A Movement To Reform Fashion

A Movement To Reform Fashion

ACT NOW

A Petition to Center Workers, Citizens, and the Planet

 

Without garment workers, there is no fashion — yet the fashion industry abandoned these 70 million workers during coronavirus. They died on the job from Covid-19 while making face masks. They went hungry as brands refused to pay them for billions of dollars worth of clothes already sewn and shipped. They were imprisoned for standing up for their basic human rights. 

Garment workers around the globe work tirelessly for us and for the fashion labels that we love without financial or legal security. Fashion brands earn millions in profits each year, and yet year after year, garment workers keep fighting for survival. It doesn’t have to be this way. 

Post-pandemic, going back to business as usual is not an option. For us to feel good in our clothes, fashion’s most essential workers must be paid fairly and have safety and security at work. As garment workers, organizers, and fashion-lovers, we are saying enough.

PayUp Fashion Petition 2

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We demand that retailers and brands make public commitments and transparently report on the following 7 actions annually:

Action 1
#PayUp

Unless fashion brands and retailers #PayUp for for orders completed and in production millions of garment makers will go hungry.

Our Demands for what brands can do:

(a) Brands must publicly commit to pay suppliers for orders placed before the pandemic, including those that were cancelled or paused as a result of coronavirus, in full and without asking for discounts. 

(b) To be removed from the PayUp Fashion Brand Tracker, brands and retailers must #PayUp in a timely manner without extending payment terms unless low-cost financing can be offered. 

(c) Those emerging from bankruptcy agree to pay for orders placed prior to bankruptcy. 

Action 2
Keep Workers Safe

Retailers and brands commit to paying all garment worker wages in full. In addition brands and retailers will protect workers protesting for wages and work with factories and governments to guarantee severance for laid off workers. 

Our Demands for what brands can do:

(a) Ensure that garment workers receive #PayUp money:  Brands must publicly assure that all factories used in 2020 have in fact paid garment workers for work done and, in the case of layoffs, severance is paid. If factories can’t or don’t pay, brands must cover lost wages and severance and/or work with governments to ensure workers are paid. 

(b) Provide a social safety net: In alignment with the Clean Clothes Campaign, brands and retailers must support the development and implementation of social protections for workers who lose their jobs and income, including severance and unemployment insurance.

(c) Protect freedom of association. Brands are often instrumental in squashing union activities or look the other way while state violence is committed against organizers. All brands must support workers’ rights to freedom of association and collective bargaining, in accordance with international guidelines.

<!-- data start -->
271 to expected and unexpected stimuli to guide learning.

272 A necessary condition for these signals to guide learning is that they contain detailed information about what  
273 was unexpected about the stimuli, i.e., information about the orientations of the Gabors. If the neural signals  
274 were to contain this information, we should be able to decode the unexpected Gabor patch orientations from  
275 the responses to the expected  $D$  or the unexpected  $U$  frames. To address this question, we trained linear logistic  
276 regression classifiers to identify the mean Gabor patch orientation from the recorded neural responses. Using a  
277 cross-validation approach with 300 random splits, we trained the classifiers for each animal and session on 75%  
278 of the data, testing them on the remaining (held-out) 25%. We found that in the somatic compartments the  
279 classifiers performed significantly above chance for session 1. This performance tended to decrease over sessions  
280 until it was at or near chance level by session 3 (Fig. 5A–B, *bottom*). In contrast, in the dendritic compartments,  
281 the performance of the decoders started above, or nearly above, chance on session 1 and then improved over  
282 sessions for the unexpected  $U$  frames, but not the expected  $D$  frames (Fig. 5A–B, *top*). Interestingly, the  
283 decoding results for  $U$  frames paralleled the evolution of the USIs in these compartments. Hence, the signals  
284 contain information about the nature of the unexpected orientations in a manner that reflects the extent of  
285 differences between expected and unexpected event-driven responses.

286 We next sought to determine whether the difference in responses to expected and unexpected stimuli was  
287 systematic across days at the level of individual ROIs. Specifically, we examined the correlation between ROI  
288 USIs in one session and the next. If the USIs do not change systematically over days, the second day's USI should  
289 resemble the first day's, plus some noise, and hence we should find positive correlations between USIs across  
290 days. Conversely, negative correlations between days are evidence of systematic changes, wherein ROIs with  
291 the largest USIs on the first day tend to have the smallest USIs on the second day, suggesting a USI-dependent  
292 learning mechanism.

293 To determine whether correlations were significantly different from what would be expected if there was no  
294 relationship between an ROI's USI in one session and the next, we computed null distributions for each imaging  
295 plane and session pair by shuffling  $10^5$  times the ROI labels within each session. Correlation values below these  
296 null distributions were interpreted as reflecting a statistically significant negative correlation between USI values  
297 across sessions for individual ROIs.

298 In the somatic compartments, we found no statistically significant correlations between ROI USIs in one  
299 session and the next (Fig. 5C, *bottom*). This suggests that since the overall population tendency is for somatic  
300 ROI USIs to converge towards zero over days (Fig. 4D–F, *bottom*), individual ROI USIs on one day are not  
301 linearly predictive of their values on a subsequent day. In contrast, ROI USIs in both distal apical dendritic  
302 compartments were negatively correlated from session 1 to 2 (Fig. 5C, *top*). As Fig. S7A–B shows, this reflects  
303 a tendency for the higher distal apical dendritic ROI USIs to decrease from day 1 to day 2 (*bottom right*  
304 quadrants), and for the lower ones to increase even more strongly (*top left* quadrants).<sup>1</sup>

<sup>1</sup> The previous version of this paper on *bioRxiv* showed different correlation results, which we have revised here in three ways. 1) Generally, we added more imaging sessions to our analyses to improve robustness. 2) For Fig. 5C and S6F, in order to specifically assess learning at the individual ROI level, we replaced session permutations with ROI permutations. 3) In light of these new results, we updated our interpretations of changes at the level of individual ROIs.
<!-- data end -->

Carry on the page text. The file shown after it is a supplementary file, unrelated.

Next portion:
Action 3
Go Transparent

Brands and retailers will immediately commit to providing annual data on where their clothes are made, how much workers are paid and how workers are treated in an easily accessible and public format. #showme

Our Demands for what brands can do:

(a) Factory list: Brands must disclose a list of cut and sew factories in the manufacturing phase of their supply chain, in alignment with the Transparency Pledge. Ultimately, brands should disclose additional levels of subcontractors, including textile mills and the farms where their cotton, wool, leather and other natural materials come from.

(b) Wages to factory workers: Disclose the wages of the lowest-earning workers at each factory, in accordance with the Fashion Checker’s demands to brands.

(c) Findings from factory social audits and corrective actions: Share audit and remediation reports publicly and make findings available to garment workers in audited factories.

Action 4
Give Workers Center Stage

There will be no more brand-led and brand-funded conversations about worker rights. Brands and retailers, along with all major coalitions, organizations, and conferences shaping the future of fashion must ensure at least 50% representation of women worker voices. #workersfirst

Our Demands for what brands can do:

Worker representation must extend to the governance structures of multi-stakeholder initiatives like Business for Social Responsibility (BSR), Better Cotton Initiative (BCI), Sustainable Apparel Coalition (SAC), the Ethical Trading Initiative (ETI), Better Work buyers forums, amfori, SEDEX, Fair Labor Association, FairWear Foundation, as well as major conferences and events that shape the ethical and sustainable fashion agenda, such as the BSR Conference, Copenhagen Fashion Summit, and WEAR.

Action 5
Sign Enforceable Contracts

Unenforceable agreements and codes of conduct protect retailer and brand executives and shareholder interests while pushing risk onto already vulnerable workers. We need enforceable, legally-binding contracts that put #workersfirst.